Tagged: Harry Saddler

Questions Raised by Quolls

All Harry Saddler really wanted to do was to see a quoll in the wild.

It was November 2019, and the Melbourne-based author was enjoying a surprise publishing success: his small book, The Eastern Curlew, a telling of the extraordinary migration of Australia’s largest shorebird, had sold through its hardcover print run, opening a new niche in Australia for natural history writing.

This was when Australia’s Black Summer bushfires were beginning to choke the eastern states, and before the pandemic that would force Saddler to write from home. It changed his focus. “It became impossible to write about the state of the environment in Australia and not confront those things head on,” he says.

Saddler’s new book, Questions Raised By Quolls, became more a work of moral philosophy than natural history. Written quickly, it became part-treatise on the legacy of colonialism, part-family history: Saddler’s ancestor Michael Farrell was transported as a convict to Sydney from Ireland in 1816.

“I think that aspect of the family story in the book was a way to write about the human effects of colonialism without co-opting other people’s stories,” Saddler says. “I touch on the damage done to Indigenous societies in the book too, but I was conscious that those are not my stories to tell.”

Another consequence of colonisation has been a wave of mammalian extinctions: 34 Australian species have been officially extirpated since European settlement. Eastern Quolls disappeared from the forests of the mainland decades ago and are now confined to Tasmania; Western, Northern and Spotted-tailed Quolls are all threatened.

It helps that these predatory marsupials are charismatic animals. Saddler wonders briefly if he should have written about rodents instead: “They’re the unsung heroes of the Australian mammal fauna, and they’ve really copped the brunt in terms of mammal extinctions,” he muses. “But it might not have been as appealing.”

So, instead of paying tribute to rodents, Saddler writes about those doing the work on the ground to save them – quolls and much else besides – in sanctuaries like Mulligans Flat in Canberra and Arid Recovery Reserve in northern South Australia, where long-gone species are being reintroduced in fenced-off environments.

“All these places run on the smell of an oily rag, because there’s no money in conservation at all, and yet people are nonetheless doing incredible work to restore ecosystems as best they can to bring the animals back, and you can see tangible results in some places,” Saddler says.

Unfortunately, the pandemic confined Saddler to writing about these places from his desk. Somehow, it increased the urgency. “Being someone who’s prone to introspection at the best of times, I think it helped me look beyond the four walls of my house, because I was thinking about larger things, looking back into the past, and potentially into the future.”

Writing Questions Raised By Quolls enabled him to focus on hope, instead of submitting to grief. “There is an understandable urge to despair in terms of the environment [but] there is still an enormous amount in the world to be saved. Yes, we’ve lost an extraordinary amount, but we haven’t lost everything, and we have to fight for everything that we have left,” he says.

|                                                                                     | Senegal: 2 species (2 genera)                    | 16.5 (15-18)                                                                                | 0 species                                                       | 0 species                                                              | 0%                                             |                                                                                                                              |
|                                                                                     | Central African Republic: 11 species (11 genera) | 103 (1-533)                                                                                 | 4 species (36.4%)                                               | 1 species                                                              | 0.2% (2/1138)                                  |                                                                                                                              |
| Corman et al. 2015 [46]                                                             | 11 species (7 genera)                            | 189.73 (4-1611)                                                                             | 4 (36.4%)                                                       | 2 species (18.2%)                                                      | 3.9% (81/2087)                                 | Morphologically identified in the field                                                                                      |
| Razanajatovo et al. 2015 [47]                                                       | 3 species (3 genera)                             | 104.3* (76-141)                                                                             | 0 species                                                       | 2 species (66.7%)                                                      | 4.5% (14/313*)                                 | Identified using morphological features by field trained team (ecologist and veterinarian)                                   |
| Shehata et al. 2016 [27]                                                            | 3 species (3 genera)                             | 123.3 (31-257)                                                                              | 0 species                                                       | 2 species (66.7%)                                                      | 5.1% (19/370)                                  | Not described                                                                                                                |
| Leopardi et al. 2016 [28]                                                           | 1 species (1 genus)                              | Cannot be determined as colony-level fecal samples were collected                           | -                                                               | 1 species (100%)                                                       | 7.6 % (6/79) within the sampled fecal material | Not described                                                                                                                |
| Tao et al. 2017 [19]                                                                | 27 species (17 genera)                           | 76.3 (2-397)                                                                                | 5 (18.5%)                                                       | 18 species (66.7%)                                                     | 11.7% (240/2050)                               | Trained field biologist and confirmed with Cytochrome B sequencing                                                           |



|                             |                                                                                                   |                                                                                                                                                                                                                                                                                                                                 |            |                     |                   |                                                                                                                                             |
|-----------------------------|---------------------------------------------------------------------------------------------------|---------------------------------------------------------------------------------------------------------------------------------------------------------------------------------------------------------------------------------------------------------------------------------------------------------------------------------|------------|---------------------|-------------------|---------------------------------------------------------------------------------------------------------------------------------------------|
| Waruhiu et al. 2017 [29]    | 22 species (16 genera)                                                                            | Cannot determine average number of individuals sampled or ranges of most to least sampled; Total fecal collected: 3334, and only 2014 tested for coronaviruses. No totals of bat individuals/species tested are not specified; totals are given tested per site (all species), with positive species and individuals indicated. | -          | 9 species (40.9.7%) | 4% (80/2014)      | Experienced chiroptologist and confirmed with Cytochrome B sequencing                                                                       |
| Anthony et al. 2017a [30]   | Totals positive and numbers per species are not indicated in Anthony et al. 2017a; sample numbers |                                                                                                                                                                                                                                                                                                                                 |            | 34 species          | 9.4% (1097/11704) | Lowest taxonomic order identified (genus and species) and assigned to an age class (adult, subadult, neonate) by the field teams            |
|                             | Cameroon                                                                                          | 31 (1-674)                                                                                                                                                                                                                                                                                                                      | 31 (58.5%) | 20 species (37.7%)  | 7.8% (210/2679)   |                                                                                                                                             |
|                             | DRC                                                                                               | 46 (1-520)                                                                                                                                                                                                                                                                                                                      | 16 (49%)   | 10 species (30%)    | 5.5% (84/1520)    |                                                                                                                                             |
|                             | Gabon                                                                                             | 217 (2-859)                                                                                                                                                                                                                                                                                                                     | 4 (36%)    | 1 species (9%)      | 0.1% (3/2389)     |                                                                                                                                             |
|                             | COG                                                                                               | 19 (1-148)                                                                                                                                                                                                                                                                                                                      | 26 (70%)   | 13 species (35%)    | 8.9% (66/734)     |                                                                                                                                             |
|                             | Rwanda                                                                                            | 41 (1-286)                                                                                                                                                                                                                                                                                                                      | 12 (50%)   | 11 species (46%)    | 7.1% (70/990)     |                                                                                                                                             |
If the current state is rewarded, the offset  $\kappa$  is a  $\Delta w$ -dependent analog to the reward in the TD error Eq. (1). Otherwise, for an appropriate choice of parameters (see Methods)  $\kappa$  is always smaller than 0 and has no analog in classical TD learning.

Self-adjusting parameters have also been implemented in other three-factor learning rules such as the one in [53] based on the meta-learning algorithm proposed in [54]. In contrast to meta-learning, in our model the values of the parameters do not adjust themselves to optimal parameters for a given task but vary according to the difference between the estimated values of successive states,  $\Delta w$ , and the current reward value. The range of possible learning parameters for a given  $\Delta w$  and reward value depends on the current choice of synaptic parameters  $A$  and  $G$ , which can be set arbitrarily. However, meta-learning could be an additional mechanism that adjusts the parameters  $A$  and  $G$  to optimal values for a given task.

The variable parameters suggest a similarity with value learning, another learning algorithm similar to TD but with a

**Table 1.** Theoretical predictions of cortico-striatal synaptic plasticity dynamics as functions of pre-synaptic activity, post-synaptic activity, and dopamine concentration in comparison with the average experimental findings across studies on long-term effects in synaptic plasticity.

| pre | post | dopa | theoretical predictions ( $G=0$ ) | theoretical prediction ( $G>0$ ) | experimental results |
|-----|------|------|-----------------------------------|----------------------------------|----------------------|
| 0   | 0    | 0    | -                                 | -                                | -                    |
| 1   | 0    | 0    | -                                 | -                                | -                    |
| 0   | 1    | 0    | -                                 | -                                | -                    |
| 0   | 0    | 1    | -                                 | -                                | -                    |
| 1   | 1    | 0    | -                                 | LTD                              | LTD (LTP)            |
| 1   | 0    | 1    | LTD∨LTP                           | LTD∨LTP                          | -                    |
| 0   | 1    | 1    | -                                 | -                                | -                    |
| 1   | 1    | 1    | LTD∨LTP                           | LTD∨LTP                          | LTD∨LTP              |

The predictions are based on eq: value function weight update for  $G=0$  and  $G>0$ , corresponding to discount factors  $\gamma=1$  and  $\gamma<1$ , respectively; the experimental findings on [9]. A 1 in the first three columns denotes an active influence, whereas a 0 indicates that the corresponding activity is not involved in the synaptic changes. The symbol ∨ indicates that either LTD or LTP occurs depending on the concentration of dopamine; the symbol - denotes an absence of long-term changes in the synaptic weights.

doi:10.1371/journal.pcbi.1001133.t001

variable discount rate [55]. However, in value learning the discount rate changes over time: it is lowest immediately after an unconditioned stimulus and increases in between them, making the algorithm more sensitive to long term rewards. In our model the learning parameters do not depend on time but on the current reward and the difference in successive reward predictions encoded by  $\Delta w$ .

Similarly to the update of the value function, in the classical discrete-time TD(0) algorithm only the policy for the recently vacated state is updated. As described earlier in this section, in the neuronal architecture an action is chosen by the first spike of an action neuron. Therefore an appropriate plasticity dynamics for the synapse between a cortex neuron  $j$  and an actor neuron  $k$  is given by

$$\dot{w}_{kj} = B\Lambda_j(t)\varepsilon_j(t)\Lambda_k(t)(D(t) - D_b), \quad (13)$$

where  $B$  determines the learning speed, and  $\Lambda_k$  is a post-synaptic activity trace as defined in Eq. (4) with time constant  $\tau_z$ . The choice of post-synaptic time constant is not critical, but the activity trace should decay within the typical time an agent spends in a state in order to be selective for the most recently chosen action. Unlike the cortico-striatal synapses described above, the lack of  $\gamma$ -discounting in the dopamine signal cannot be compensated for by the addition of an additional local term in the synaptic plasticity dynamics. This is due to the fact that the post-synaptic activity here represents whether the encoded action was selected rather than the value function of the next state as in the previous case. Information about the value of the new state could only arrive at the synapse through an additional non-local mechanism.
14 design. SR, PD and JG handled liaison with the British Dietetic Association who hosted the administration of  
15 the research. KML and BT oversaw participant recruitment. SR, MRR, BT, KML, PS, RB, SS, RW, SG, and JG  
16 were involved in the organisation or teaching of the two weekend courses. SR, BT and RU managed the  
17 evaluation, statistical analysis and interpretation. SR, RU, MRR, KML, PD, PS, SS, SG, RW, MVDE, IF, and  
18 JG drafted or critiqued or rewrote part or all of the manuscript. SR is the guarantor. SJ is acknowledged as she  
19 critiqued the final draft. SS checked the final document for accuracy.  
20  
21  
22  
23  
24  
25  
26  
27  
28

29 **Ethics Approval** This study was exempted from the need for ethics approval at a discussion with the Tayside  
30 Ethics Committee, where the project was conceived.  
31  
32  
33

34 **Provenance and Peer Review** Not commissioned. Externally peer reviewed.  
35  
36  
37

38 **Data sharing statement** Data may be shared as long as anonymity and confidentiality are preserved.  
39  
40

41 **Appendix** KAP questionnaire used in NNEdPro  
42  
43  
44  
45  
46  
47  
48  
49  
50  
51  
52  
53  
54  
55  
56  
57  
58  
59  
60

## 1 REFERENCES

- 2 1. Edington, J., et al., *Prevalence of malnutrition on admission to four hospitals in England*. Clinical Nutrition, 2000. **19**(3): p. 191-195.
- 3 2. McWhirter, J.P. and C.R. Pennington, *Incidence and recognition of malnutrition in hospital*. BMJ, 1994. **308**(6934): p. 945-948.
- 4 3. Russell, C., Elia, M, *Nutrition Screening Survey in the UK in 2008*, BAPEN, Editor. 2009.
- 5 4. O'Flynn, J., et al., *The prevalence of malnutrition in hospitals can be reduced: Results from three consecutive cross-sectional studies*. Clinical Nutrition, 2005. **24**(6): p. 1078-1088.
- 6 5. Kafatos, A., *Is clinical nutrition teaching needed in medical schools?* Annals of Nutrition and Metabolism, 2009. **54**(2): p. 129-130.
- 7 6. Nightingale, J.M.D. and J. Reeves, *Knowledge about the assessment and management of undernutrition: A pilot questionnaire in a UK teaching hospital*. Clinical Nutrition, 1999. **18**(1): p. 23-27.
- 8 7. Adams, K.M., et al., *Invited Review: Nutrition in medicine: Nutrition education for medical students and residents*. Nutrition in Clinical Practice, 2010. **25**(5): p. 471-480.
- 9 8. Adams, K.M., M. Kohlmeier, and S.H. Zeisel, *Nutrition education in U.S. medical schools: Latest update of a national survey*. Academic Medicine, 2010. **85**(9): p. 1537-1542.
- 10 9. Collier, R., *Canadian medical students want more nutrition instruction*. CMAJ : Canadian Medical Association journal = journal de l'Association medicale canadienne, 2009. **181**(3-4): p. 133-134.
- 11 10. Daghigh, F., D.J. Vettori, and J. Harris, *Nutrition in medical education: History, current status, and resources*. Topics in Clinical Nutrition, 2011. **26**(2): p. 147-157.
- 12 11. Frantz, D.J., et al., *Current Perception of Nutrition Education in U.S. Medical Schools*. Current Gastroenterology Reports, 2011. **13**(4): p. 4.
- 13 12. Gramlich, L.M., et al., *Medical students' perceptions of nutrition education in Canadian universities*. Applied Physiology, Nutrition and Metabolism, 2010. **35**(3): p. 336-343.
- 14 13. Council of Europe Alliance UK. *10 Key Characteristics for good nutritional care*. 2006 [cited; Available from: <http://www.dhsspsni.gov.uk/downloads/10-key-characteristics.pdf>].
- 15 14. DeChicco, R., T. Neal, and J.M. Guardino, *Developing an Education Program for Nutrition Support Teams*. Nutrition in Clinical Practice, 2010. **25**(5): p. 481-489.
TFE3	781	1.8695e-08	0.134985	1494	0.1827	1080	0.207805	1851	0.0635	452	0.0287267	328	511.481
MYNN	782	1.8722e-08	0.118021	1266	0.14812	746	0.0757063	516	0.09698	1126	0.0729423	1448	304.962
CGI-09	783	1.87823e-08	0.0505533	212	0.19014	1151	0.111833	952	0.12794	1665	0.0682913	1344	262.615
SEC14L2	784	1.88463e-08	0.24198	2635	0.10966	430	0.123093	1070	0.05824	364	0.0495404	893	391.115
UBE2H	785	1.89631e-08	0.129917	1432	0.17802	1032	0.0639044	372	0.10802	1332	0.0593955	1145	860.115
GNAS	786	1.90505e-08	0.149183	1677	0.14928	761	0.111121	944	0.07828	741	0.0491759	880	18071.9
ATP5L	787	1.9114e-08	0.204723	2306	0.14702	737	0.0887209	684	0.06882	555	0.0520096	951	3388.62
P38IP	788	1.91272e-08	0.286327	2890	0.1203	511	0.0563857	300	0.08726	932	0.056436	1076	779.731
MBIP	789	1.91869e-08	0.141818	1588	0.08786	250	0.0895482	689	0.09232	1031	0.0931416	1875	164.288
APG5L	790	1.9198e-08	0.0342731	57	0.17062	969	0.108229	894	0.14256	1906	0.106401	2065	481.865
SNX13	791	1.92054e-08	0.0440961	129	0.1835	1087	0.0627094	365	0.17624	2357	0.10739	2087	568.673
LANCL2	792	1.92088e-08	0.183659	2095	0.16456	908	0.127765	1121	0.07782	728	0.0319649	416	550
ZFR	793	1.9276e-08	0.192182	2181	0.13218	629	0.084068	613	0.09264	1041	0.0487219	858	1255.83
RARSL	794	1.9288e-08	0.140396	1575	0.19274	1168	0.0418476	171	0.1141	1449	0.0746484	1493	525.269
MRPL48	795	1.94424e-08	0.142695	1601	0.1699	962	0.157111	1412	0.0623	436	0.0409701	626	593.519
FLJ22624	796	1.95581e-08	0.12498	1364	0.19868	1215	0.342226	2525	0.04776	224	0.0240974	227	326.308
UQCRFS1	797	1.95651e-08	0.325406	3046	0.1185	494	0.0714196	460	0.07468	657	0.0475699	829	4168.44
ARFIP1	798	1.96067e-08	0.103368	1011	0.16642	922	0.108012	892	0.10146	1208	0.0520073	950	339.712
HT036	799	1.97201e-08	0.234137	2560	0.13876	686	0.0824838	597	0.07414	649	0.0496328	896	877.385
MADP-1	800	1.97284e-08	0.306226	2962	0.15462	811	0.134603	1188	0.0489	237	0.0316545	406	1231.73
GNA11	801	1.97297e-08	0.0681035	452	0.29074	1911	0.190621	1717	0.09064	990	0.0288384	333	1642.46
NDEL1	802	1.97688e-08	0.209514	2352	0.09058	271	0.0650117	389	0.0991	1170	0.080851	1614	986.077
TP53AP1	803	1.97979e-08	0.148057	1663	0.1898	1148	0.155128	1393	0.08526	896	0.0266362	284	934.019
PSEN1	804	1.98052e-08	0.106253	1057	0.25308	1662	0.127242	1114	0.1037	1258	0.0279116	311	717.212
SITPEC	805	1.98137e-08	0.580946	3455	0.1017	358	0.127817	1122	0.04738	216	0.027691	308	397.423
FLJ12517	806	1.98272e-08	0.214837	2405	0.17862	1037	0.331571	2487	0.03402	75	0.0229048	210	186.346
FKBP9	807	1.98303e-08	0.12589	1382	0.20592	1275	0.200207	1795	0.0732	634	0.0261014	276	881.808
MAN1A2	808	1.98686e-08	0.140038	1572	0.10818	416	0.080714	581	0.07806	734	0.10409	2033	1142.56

It also raises ethical questions not often touched on by men. Saddler’s father instilled in him a love of bushwalking. Now in his early 40s, Saddler wishes he could pass on the knowledge he inherited to children of his own: “I get clucky when I see baby magpies begging for food,” he admits. (Saddler is currently single.)

But he worries about the world he would be bringing a child into. This is not, he says, a question of overpopulation: “I really strongly reject that argument, primarily because it presupposes that our systems and ways of living and organising society and our economy are just fixed and immutable and are never going to change.”

Saddler is more concerned with the question of raising a child on a planet that is literally burning up. But he prefers to imagine a more equitable world, where sustainability is possible – in which case the question of the Earth’s ultimate human-carrying capacity is less urgent.

It was with his own father that he saw his first Eastern Quoll, hiking in Tasmania nearly 20 years ago. Soon, he hopes, he may be able to see one again. “If you’re going to write a book about an animal, you should be able to see the animal, that’s half the fun of it,” he says. “At least I saw some Eastern Curlews writing The Eastern Curlew.”

First published in the Guardian, 28 July 2021

Flight Lines

Nearly 20 years ago, in pursuit of a different sort of life, I spent six months commuting between Brisbane and Robbins Island, a remote chunk of privately owned land just off the far north-west coast of Tasmania. My job at the time was identifying and counting birds as part of an environmental impact assessment for a proposed windfarm.

The uninhabited island is a tough place to get around, accessible only by four-wheel-drive across the mudflats, at low tide. But its wild west coast is a haven for many thousands of migratory shorebirds, around 25 species of which perform marathon, nearly non-stop flights from the Siberian tundra, where they breed, all the way to Australia and back, every year.